Zhu Zhu Pets Toys Contain High Levels Of Antimony. Yesterday we wrote about a U.S. Consumer Product Safety Commission (CPSC) investigation into Zhu Zhu Pets toys that might have contained a higher than permissible level of antimony, a heavy metal known to sicken children if injected, according to NBC News.
According to a report just out by the Associated Press (AP), the toys, which the AP described as “one of the holiday season’s hottest toy crazes” are not in violation of current standards according to the agency. The CPSC told the AP that although it did not test the Zhu Zhu Pets toys, the toy “is not out of compliance” with the recently enacted Consumer Protection Safety Improvement Act (CPSIA).
The TimesOnline described the toy—which is being rationed due to its intense popularity this season—as a “battery-powered robotic” hamster, one of four such toys. The toys is described, said the TimesOnline as: “Mr. Squiggles is a true Hamster ‘Prankster.”
This weekend, GoodGuide, a consumer group out of California, discussed the presence of antimony in the toy hamster named Mr. Squiggles, said the AP. The group claimed its testing found the dangerous heavy metal on the toys fur and nose and said the levels were in violation of the CPSIA mandates, said the AP.
Adverse Reactions From Antimony
Antimony is used to prevent textiles and plastics from catching fire and when one is exposed over a period of time, can suffer adverse reactions, including cancer, to the lung and heart, as well as diarrhea and ulcers, said MSNBC, previously. To be discovered in a popular children’s toy is worrisome, especially given that we are in the midst of the popular holiday shopping season. If eaten, antimony can cause vomiting and if inhaled, heart and long issues, added the AP.
Yesterday, GoodGuide stated that it received its testing results by using a gun that aims X-rays and provides a reading of heavy metals present in the object, such as antimony, lead, and other substances, said the AP. According to the CPSC, this type of testing is not a recognized method at the agency.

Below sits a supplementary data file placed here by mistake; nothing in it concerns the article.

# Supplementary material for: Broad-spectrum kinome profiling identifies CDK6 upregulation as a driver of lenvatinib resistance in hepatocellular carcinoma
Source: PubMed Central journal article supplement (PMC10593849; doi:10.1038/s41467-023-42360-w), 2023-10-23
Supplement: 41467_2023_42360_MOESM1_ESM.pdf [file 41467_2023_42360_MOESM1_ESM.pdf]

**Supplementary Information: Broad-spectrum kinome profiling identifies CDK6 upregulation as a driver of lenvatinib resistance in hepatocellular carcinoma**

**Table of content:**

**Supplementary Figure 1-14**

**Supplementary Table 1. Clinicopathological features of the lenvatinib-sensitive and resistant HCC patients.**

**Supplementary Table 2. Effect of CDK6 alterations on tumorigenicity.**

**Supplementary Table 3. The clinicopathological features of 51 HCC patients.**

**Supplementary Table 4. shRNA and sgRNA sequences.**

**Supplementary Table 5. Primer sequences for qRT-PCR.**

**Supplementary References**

The CPSC tests toys by determining how much of a heavy metal would escape from a toy if that toy is sucked or swallowed, and does not look at potential toxins in a toy, explained the AP. “While we accurately reported the chemical levels in the toys that we measured using our testing method, we should not have compared our results to federal standards,” GoodGuide said in a written release. “We regret this error,” quoted the AP.
Of note, pointed out the AP, the CPSC did not test the toy, but did examine the toy for painted surfaces. Since the toy does not have painted surfaces, it is not subject to the CPSIA’s heavy metal testing mandates, said Gib Mullan, the CPSC’s director of compliance and field operations, the AP added.
That same day, the agency advised the AP it found the toy does not pose a threat. The CPSC said its decision was based on the findings of independent tested conducted by Cepia LLC (St. Louis), the toys’ maker. The toy sells for about $10. “CPSC confirmed today that the popular Zhu Zhu toy is not out of compliance with the antimony or other heavy metal limits of the new U.S. mandatory toy standard,” said Scott Wolfson, a CPSC spokesman.